College football coach Steve Spurrier said today on the ESPN pre-game show that he would stop coaching before he was in his 70s. He said he could never be a “figurehead” football coach like Joe Paterno at Penn State or Bobby Bowden at Florida State who both “let their assistant coaches do everything.”
I was taken aback by what, to me, seemed an insult from Spurrier to the older men. But I am not a rabid football fan any longer and somewhat detached from the sports news.
Apparently Bowden and Paterno have taken a lot of heat and grief for their age, longevity and fading football glory.
Greg Stoda of the Palm Beach Post wrote on September 26, “Bowden should have been escorted out the door a few years ago surrounded by garnet-and-gold pomp and circumstance for all the glory he has brought the Seminoles. Instead, he’s wandering in the wilderness in his 33rd season at Florida State after warm-up acts at Samford and West Virginia.”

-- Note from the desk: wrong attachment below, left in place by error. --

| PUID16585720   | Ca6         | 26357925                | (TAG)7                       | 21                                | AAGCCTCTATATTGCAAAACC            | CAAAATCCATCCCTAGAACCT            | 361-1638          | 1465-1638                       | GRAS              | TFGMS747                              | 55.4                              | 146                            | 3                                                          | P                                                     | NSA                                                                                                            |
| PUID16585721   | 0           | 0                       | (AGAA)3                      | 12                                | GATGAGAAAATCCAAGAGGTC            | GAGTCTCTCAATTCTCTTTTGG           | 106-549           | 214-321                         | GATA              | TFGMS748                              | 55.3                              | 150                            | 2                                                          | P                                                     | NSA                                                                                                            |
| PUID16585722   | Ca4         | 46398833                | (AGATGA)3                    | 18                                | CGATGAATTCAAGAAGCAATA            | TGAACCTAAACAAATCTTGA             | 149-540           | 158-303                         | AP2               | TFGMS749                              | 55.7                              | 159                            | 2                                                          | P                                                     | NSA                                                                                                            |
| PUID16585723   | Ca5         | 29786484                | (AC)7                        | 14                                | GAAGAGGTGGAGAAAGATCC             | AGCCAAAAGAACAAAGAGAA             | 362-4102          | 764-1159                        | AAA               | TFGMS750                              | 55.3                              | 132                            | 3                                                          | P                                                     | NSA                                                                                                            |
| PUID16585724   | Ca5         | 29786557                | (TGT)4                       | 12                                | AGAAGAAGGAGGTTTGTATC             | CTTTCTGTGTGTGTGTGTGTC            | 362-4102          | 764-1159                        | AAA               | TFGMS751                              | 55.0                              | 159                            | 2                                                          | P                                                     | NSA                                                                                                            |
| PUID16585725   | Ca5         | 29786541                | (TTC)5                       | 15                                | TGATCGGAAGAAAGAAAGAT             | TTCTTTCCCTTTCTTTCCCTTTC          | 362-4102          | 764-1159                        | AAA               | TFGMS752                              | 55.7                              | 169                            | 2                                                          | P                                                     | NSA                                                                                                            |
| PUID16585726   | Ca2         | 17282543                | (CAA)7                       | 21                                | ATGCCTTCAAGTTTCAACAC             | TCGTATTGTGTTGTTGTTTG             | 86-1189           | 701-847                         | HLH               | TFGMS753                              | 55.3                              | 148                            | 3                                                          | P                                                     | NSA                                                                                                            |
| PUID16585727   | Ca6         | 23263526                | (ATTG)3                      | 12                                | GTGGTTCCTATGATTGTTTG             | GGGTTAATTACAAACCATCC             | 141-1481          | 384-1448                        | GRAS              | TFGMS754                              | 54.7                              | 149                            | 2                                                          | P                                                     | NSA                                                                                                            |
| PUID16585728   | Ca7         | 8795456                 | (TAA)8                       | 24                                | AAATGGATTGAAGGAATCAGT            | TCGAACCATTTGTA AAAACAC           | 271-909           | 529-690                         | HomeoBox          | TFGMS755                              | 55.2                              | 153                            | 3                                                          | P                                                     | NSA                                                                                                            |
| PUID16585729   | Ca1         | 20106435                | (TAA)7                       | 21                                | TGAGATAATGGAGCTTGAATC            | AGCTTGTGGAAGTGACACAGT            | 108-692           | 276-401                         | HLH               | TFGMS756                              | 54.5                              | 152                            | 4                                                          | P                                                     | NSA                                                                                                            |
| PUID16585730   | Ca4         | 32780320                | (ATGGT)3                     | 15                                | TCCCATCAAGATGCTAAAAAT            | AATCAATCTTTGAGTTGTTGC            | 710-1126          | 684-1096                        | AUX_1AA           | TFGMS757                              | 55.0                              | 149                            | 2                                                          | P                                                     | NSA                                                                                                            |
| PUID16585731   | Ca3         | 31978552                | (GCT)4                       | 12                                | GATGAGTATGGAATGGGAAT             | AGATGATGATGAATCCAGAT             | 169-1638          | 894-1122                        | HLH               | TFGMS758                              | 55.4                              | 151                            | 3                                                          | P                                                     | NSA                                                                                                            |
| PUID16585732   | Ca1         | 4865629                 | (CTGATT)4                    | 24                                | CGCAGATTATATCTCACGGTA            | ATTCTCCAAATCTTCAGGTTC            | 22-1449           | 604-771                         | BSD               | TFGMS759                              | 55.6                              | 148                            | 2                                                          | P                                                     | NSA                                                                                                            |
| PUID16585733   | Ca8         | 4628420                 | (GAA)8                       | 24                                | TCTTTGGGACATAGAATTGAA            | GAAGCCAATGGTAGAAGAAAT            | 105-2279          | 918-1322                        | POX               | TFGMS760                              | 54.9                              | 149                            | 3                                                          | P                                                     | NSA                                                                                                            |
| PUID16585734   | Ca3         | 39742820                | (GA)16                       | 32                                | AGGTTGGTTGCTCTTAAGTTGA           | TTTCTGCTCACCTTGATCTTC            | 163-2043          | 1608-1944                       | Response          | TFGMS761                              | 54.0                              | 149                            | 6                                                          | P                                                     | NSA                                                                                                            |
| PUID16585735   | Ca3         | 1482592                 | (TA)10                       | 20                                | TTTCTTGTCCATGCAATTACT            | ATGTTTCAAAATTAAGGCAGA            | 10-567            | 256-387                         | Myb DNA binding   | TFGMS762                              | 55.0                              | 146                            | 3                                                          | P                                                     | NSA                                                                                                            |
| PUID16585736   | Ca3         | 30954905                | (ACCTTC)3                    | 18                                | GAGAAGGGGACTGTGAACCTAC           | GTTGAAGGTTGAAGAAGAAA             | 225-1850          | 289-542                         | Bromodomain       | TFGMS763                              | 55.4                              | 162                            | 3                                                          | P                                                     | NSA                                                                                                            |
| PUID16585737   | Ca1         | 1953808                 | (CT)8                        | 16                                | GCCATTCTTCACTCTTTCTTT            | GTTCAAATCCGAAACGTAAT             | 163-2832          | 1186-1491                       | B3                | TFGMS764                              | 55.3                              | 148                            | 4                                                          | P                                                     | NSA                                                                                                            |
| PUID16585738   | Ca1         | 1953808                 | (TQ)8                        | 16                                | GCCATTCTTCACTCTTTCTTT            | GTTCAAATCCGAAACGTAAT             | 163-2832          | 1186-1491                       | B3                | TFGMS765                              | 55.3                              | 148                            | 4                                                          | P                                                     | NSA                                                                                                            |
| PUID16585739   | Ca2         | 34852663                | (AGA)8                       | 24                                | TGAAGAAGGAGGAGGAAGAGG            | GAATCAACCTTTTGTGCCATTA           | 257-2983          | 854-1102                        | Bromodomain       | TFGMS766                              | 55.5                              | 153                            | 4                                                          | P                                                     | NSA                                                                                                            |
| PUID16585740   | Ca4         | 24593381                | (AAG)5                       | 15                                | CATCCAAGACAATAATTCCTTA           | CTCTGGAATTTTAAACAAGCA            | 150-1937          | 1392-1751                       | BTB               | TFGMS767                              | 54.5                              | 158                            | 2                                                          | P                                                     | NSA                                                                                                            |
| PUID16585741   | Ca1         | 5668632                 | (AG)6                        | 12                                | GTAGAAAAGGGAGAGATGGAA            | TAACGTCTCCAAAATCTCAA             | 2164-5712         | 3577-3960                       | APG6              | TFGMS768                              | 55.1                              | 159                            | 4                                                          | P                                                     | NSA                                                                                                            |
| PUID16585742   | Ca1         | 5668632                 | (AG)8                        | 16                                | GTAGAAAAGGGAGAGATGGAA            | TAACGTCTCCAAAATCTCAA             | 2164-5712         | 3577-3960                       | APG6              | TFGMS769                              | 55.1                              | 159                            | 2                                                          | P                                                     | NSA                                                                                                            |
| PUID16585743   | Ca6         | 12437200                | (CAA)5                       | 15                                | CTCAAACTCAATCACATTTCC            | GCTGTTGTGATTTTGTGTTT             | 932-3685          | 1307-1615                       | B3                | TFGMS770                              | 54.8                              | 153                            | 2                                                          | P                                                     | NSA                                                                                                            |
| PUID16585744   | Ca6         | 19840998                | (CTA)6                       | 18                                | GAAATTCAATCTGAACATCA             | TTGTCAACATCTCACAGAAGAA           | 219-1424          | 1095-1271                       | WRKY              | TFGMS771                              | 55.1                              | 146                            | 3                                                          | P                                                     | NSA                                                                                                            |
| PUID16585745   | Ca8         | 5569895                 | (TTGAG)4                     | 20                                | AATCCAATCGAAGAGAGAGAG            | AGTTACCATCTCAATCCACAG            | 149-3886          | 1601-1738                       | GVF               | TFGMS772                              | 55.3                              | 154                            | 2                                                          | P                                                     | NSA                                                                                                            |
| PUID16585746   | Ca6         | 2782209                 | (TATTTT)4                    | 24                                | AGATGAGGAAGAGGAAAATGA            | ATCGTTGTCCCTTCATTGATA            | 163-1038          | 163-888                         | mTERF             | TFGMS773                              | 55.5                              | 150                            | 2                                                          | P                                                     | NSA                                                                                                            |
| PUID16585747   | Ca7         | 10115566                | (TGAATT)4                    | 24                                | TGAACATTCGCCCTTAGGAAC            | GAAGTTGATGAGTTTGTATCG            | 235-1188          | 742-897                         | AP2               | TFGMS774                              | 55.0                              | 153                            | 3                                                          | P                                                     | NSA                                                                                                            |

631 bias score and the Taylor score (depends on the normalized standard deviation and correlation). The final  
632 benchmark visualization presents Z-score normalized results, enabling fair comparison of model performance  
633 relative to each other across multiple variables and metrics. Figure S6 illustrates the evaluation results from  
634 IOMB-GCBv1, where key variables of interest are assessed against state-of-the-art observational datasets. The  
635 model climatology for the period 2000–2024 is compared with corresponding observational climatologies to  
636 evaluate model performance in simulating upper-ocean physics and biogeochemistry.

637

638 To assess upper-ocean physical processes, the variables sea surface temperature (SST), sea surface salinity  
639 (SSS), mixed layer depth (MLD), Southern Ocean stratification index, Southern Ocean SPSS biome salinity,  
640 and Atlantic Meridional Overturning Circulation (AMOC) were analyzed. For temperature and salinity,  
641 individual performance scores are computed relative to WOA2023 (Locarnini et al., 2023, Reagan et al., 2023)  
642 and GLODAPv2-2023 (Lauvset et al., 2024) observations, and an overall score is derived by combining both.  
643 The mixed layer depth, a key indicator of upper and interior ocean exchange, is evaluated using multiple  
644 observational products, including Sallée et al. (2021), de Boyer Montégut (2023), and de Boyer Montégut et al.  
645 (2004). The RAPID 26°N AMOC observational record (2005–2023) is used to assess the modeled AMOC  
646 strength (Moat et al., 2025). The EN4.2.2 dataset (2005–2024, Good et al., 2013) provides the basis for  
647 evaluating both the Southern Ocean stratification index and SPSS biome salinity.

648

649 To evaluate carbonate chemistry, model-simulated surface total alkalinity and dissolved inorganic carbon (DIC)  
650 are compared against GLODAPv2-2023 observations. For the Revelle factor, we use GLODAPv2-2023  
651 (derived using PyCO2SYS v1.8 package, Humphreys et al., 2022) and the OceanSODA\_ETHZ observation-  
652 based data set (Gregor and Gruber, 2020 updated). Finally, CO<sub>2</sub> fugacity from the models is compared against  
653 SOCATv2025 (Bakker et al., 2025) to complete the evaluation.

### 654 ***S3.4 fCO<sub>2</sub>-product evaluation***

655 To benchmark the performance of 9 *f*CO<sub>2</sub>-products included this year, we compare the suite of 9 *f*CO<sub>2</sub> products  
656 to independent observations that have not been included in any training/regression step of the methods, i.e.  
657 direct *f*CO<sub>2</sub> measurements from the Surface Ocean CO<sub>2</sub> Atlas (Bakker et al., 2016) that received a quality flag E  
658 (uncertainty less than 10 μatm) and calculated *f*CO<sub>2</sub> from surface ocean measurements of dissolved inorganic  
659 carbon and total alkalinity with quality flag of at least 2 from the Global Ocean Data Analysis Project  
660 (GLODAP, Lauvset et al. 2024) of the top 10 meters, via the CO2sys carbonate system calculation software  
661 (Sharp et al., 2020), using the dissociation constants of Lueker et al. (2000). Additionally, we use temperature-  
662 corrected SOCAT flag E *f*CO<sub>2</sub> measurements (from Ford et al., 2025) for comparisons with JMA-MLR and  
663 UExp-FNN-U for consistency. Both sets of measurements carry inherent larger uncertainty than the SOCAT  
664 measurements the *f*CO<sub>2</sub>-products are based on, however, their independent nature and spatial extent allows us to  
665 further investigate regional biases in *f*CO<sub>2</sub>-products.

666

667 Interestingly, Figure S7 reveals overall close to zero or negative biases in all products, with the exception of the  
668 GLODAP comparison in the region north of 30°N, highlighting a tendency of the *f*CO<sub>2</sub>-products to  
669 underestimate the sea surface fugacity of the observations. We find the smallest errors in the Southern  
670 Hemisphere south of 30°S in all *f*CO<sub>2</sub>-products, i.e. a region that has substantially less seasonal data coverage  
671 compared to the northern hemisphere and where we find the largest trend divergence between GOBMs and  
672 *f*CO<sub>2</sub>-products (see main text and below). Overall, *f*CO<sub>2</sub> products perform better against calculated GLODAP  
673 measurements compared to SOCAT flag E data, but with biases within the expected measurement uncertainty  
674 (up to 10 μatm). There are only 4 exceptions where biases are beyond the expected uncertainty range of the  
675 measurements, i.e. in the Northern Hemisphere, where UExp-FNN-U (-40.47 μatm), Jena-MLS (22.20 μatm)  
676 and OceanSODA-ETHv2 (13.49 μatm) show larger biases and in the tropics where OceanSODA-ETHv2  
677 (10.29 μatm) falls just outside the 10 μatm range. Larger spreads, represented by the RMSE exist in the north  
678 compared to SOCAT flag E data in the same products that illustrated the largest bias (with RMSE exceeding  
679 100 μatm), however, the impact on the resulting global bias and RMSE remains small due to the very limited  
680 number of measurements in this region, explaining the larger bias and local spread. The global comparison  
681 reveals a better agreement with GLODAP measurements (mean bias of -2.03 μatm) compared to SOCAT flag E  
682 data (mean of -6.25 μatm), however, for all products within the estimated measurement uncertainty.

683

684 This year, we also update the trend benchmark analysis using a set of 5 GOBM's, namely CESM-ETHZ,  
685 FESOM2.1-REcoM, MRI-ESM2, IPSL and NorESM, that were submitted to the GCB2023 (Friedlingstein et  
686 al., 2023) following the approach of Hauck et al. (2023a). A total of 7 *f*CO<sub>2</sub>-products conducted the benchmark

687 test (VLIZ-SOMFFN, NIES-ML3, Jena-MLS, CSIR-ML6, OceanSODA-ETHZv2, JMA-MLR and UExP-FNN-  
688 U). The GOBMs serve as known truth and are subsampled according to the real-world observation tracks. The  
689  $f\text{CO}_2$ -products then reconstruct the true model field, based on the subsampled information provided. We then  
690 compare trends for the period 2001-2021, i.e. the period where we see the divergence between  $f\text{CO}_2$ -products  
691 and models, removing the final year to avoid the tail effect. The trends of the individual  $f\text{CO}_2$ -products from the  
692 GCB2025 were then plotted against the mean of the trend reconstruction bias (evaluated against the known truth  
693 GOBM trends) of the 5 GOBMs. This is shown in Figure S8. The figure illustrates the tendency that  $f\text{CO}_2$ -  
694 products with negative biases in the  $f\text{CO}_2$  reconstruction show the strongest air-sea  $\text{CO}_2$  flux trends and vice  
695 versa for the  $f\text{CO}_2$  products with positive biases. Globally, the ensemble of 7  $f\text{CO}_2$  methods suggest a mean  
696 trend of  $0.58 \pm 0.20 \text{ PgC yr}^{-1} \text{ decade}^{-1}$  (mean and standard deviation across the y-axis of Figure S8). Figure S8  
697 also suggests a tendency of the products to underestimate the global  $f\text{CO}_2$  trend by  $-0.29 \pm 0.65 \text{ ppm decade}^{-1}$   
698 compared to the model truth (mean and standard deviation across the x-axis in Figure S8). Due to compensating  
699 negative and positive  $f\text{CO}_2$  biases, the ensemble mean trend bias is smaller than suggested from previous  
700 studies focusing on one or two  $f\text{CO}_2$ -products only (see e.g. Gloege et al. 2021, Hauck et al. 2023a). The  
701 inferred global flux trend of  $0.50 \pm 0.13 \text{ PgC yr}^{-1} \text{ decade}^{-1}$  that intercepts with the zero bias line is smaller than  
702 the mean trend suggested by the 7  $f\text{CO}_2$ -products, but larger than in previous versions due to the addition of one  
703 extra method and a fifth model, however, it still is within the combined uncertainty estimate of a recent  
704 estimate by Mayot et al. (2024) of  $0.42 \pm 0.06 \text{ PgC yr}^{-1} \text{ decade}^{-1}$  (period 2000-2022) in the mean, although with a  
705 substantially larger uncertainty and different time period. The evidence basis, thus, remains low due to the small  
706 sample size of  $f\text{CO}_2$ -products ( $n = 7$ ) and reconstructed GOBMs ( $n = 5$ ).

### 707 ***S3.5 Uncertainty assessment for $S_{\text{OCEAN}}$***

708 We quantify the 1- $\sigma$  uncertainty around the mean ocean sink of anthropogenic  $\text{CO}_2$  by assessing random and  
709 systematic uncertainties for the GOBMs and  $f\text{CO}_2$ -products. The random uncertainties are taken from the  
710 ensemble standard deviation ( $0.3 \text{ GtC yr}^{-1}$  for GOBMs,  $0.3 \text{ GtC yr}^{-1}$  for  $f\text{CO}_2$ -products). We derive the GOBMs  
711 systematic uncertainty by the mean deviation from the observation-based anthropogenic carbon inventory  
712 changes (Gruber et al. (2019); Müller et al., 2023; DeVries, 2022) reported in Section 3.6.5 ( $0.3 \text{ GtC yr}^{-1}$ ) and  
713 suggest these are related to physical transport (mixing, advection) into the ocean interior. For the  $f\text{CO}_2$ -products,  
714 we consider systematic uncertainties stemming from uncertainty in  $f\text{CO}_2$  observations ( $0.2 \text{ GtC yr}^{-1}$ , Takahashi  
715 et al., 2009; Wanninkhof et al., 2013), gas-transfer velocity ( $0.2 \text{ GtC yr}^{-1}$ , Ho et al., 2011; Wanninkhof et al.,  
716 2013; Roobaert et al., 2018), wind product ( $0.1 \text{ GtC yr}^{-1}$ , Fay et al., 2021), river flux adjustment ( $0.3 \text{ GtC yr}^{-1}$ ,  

Joe Paterno has suffered similar attacks.
I say if the coach is breathing, enjoys his work and can convince a school that he is important to have in their program then that is between the coach and the school. Oldster John McCain couldn’t convince voters to elect him but apparently Paterno and Bowden have made their cases successfully so far.
But we do seem to live in an American culture that dismisses older people quickly; and often too quickly. My Asian relatives and friends respect, hold close and love their elders much better and longer than many Americans and would never think of sending Mom or dad to a nursing home. My 90 year old Grandmother makes the food, shops, does laundry and has a bunch of household jobs she would never surrender.
An Ethiopian friend said when he gets older he’ll return to Ethiopia where the older men are respected and not rejected…..